Culture and Society

In God’s Country

Larry Mullen’s snare drum rips a hole in the darkness and silence with that iconic march. The unmistakable metallic, rattling scream of The Edge crashes off the walls of the stadium and down over you—through you. Then above it all, the voice, that soulful Irish wail falls down from the heavens like a war cry.  

They open with Sunday Bloody Sunday; a song about the condemnation of the violence and bloodshed in their homeland. And for three hours, four men who started a band the year before I was born in country five thousand miles away, are alone, together in front of sixty thousand Americans, surrendering their art to us.

It’s more than just the music though. It’s a plea to whatever human parts are left of us to switch on, even for just a little, before we file back out into the lines and the traffic and the deader parts of life.

It’s a running scribe of poems of peace and humanity and opportunity and equality and pain and suffering and human life. It’s Naomi Shihab Nye’s Kindness scrolling up on an 80 foot screen.

Before you know kindness as the deepest thing inside,
you must know sorrow as the other deepest thing.
You must wake up with sorrow.
You must speak to it till your voice
catches the thread of all sorrows
and you see the size of the cloth.

Then it is only kindness that makes sense anymore,
only kindness that ties your shoes
and sends you out into the day to mail letters and
purchase bread,
only kindness that raises its head
from the crowd of the world to say
it is I you have been looking for,
and then goes with you every where
like a shadow or a friend.

It’s the politics of pictures of refugees and Americans of every color, sex and age. The message is clear. We are the destination. America. We are the station at the end of 70,000 years of human journey. And there is a cost to closing the doors behind us when our train pulled in.

I didn’t come for the politics. I came because Joshua Tree was the first tape I ever bought with my own money. And when I had to go to my dad’s on weekends, and I had to wait at the boathouse in Philly for his practice to end before I could go home with him, I listened to it on loop. Beginning to end. For hours. It was perfect. No song needed be fast forwarded. I knew every inch of it, every word, every ripping chord The Edge hammered into me. When I went off to war, I played Bullet the Blue Sky to get my head in the right place before we went out the door when we went.

That record has been with me as long as music has.

When they came to my city, I went to see them. And when I left, my bucket list was one light. And my heart and my head were full of more than music. They were full of a reckoning. That where I’ve been and what I’ve seen and what I’ve done hasn’t been without cost. Whatever your politics are, that message is an inescapable truth.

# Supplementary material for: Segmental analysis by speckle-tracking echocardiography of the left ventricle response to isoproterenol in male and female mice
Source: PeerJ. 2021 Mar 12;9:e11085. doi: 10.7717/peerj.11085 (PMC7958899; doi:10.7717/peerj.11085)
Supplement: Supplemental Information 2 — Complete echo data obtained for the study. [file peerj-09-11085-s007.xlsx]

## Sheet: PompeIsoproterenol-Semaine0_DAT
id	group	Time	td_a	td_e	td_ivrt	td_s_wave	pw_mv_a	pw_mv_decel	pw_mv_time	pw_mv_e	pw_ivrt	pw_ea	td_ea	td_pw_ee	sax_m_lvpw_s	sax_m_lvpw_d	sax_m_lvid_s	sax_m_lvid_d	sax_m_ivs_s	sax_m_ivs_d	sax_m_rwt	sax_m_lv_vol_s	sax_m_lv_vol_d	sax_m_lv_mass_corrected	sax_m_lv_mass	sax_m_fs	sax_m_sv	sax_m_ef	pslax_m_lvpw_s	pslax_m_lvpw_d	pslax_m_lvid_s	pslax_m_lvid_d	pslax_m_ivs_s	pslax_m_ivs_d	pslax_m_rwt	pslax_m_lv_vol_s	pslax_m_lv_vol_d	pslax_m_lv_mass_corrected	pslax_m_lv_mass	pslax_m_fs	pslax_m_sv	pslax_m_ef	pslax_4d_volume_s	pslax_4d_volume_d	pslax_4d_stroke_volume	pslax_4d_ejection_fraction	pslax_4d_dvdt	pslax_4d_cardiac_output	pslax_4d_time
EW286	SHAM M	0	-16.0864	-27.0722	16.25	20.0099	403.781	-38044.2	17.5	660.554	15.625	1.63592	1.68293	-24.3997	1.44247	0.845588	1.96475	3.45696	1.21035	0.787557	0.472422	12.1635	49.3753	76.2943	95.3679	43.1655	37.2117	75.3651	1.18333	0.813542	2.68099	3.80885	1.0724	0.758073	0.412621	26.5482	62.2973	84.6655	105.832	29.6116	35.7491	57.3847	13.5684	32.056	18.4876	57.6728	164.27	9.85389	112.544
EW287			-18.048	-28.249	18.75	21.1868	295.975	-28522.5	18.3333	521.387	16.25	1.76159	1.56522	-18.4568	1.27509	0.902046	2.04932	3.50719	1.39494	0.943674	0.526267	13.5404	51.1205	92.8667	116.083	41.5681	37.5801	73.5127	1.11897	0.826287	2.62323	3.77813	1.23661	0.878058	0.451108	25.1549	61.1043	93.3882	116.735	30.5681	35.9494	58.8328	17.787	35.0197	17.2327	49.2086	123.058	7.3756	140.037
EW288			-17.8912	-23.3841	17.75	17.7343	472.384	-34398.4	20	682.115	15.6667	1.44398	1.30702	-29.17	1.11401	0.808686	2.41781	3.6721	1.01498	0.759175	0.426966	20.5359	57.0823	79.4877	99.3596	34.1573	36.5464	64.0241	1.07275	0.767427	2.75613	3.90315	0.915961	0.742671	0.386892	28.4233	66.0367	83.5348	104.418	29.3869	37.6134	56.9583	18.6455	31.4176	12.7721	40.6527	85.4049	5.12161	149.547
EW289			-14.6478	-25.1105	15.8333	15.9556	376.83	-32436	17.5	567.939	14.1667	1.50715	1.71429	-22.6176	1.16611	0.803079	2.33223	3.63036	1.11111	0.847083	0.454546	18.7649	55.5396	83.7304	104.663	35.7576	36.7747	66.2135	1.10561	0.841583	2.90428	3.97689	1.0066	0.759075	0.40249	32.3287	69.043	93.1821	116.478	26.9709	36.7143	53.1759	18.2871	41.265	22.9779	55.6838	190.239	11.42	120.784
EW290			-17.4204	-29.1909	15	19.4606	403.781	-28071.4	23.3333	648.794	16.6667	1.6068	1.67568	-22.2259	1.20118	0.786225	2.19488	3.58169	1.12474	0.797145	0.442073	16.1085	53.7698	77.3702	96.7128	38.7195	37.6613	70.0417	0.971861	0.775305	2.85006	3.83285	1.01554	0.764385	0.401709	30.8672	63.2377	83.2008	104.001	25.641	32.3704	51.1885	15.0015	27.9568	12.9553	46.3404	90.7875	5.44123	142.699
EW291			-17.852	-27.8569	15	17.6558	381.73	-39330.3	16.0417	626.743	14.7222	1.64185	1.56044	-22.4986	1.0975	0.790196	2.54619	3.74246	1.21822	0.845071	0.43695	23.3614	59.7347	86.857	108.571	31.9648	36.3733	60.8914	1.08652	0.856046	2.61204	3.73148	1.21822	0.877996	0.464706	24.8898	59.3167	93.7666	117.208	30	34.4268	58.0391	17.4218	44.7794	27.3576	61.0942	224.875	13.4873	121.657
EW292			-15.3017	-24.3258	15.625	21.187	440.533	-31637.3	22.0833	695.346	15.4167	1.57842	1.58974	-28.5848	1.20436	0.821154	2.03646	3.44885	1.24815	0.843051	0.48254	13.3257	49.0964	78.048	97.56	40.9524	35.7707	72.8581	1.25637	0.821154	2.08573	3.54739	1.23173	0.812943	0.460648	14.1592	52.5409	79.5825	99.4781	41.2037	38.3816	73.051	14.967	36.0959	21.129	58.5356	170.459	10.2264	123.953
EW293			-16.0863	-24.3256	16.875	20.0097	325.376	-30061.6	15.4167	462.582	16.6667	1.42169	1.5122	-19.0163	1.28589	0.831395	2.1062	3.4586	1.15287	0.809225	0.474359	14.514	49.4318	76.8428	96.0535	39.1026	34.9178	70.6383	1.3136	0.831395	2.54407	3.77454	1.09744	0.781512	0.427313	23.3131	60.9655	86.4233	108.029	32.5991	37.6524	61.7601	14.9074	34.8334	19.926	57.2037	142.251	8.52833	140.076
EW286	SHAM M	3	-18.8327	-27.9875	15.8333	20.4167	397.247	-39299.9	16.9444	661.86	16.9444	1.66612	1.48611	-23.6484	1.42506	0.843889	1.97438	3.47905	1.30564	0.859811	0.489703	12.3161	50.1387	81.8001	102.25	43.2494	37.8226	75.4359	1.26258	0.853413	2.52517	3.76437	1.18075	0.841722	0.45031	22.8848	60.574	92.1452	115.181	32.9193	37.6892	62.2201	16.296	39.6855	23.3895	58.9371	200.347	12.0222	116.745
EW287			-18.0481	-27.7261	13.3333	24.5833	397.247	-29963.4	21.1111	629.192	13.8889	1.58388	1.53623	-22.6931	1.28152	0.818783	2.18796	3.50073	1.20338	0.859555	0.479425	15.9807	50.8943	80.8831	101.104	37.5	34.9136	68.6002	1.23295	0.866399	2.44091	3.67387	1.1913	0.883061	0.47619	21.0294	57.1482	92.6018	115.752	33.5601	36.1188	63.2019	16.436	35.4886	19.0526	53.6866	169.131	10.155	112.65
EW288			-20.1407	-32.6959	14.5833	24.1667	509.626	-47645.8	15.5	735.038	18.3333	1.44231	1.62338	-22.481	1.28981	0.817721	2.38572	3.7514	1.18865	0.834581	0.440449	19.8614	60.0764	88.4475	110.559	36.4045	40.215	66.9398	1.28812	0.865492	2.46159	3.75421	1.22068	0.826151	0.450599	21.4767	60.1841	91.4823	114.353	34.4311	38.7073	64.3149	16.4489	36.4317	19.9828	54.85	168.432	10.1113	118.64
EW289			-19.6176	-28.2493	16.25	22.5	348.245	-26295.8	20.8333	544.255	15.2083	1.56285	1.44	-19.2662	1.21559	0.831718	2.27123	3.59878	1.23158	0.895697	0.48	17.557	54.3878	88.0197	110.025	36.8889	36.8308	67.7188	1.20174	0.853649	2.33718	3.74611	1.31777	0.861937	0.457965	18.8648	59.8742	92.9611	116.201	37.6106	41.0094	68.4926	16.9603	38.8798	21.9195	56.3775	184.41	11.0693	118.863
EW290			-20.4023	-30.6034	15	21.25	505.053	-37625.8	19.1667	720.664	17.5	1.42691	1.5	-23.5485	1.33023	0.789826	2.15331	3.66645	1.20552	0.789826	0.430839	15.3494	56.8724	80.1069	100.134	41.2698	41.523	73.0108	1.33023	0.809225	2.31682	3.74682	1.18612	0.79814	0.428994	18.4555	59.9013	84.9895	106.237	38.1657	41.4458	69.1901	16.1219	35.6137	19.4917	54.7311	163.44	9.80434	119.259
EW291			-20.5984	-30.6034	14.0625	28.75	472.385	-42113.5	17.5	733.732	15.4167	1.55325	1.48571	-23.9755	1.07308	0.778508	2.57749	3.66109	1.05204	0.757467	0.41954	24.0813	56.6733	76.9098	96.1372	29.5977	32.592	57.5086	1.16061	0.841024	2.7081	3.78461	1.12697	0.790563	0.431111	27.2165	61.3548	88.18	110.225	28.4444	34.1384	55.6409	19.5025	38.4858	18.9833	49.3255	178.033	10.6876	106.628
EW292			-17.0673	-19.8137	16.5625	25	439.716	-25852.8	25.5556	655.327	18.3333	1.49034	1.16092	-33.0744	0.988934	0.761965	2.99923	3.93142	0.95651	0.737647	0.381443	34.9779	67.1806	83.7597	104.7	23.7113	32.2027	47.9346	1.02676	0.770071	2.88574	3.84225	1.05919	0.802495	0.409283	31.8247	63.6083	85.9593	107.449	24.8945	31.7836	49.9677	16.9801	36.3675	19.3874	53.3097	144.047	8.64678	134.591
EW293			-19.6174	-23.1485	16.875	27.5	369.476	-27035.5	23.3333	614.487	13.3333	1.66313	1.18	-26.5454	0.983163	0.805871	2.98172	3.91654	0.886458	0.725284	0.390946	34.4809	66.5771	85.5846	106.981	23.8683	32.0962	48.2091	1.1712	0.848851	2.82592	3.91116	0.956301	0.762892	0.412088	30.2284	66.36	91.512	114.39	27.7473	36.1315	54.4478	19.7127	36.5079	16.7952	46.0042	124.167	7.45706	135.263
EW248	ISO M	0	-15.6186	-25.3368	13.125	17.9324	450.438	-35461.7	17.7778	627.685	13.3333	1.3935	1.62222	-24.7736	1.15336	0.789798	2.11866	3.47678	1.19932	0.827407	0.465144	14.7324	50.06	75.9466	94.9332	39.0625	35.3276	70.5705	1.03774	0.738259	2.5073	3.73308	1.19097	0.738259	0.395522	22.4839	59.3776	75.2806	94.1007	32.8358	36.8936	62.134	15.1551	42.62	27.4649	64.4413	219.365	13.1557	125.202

And that’s the point of art.

Be wary of people who tell you that artists have no say in the material things of this world. They are the flesh and blood of our condition. They are here to remind us of the cost of our actions. They are the red side of the ledger, charged with the worthy task of bringing us something so beautiful that we can’t ignore it, something so human that it reminds us of what we are.

Flesh. Blood. Pain. Hunger. Love.

And kindness.

We are sentient beings. We don’t have to obey our artists. But when we stop listening to the humanity that comes with their art, we’re something less.

5 replies »

  1. Yes! a vivid description of experiencing their music, and what you draw from it is beautiful and profound. Thanks

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  2. I was hooked from the first time I heard the “War” album, when they were still albums. Joshua Tree is in my top 5 LPs of all time. They are worthy of anyone’s bucket list. And yes, art and politics do go hand and hand.

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  3. This may be one of your most perceptive essays. Reminds me of what Robert Graves would have said about the power of bards, long ago. Perhaps a civilization is in true decline when its members no longer care about art.

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  4. Sean, you are a gorgeous writer and I am so grateful for this piece, this truth, this naming of a thing so important to me. The fact that it comes from someone who has seen a very different kind of truth makes it all the more powerful. Thank-you.

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